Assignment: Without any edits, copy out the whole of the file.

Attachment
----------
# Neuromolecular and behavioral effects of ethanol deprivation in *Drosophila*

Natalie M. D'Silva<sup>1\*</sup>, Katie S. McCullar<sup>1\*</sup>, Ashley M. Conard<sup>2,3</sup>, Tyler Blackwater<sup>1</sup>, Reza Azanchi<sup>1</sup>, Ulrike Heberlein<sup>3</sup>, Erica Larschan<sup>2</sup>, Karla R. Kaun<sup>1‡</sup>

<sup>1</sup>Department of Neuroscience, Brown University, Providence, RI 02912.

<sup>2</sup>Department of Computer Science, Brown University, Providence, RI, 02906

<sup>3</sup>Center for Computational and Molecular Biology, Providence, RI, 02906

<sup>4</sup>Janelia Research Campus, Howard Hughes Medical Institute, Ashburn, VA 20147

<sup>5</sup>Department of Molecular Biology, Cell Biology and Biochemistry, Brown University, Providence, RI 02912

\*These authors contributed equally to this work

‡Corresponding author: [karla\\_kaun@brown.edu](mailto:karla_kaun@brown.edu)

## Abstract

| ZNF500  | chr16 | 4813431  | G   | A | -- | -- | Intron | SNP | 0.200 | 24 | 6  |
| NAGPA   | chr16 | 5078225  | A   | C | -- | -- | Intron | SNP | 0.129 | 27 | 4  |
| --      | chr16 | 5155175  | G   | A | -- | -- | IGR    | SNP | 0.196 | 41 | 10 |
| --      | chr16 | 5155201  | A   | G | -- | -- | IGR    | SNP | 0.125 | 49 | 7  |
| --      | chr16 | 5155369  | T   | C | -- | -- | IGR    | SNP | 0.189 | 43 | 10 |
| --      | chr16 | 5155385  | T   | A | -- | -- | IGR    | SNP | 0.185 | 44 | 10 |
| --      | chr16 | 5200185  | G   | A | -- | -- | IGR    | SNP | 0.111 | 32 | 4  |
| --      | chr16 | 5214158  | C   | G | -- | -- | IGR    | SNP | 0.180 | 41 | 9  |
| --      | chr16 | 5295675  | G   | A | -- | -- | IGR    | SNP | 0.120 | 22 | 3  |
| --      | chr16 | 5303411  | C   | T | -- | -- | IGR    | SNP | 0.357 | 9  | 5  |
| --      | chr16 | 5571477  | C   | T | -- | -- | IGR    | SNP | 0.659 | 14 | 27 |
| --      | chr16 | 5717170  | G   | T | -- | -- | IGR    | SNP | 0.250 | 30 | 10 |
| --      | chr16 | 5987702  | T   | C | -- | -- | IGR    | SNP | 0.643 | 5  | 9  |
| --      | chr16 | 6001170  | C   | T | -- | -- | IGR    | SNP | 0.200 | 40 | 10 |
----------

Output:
# Neuromolecular and behavioral effects of ethanol deprivation in *Drosophila*

Natalie M. D'Silva<sup>1\*</sup>, Katie S. McCullar<sup>1\*</sup>, Ashley M. Conard<sup>2,3</sup>, Tyler Blackwater<sup>1</sup>, Reza Azanchi<sup>1</sup>, Ulrike Heberlein<sup>3</sup>, Erica Larschan<sup>2</sup>, Karla R. Kaun<sup>1‡</sup>

<sup>1</sup>Department of Neuroscience, Brown University, Providence, RI 02912.

<sup>2</sup>Department of Computer Science, Brown University, Providence, RI, 02906

<sup>3</sup>Center for Computational and Molecular Biology, Providence, RI, 02906

<sup>4</sup>Janelia Research Campus, Howard Hughes Medical Institute, Ashburn, VA 20147

<sup>5</sup>Department of Molecular Biology, Cell Biology and Biochemistry, Brown University, Providence, RI 02912

\*These authors contributed equally to this work

‡Corresponding author: [karla\\_kaun@brown.edu](mailto:karla_kaun@brown.edu)

## Abstract

| ZNF500  | chr16 | 4813431  | G   | A | -- | -- | Intron | SNP | 0.200 | 24 | 6  |
| NAGPA   | chr16 | 5078225  | A   | C | -- | -- | Intron | SNP | 0.129 | 27 | 4  |
| --      | chr16 | 5155175  | G   | A | -- | -- | IGR    | SNP | 0.196 | 41 | 10 |
| --      | chr16 | 5155201  | A   | G | -- | -- | IGR    | SNP | 0.125 | 49 | 7  |
| --      | chr16 | 5155369  | T   | C | -- | -- | IGR    | SNP | 0.189 | 43 | 10 |
| --      | chr16 | 5155385  | T   | A | -- | -- | IGR    | SNP | 0.185 | 44 | 10 |
| --      | chr16 | 5200185  | G   | A | -- | -- | IGR    | SNP | 0.111 | 32 | 4  |
| --      | chr16 | 5214158  | C   | G | -- | -- | IGR    | SNP | 0.180 | 41 | 9  |
| --      | chr16 | 5295675  | G   | A | -- | -- | IGR    | SNP | 0.120 | 22 | 3  |
| --      | chr16 | 5303411  | C   | T | -- | -- | IGR    | SNP | 0.357 | 9  | 5  |
| --      | chr16 | 5571477  | C   | T | -- | -- | IGR    | SNP | 0.659 | 14 | 27 |
| --      | chr16 | 5717170  | G   | T | -- | -- | IGR    | SNP | 0.250 | 30 | 10 |
| --      | chr16 | 5987702  | T   | C | -- | -- | IGR    | SNP | 0.643 | 5  | 9  |
| --      | chr16 | 6001170  | C   | T | -- | -- | IGR    | SNP | 0.200 | 40 | 10 |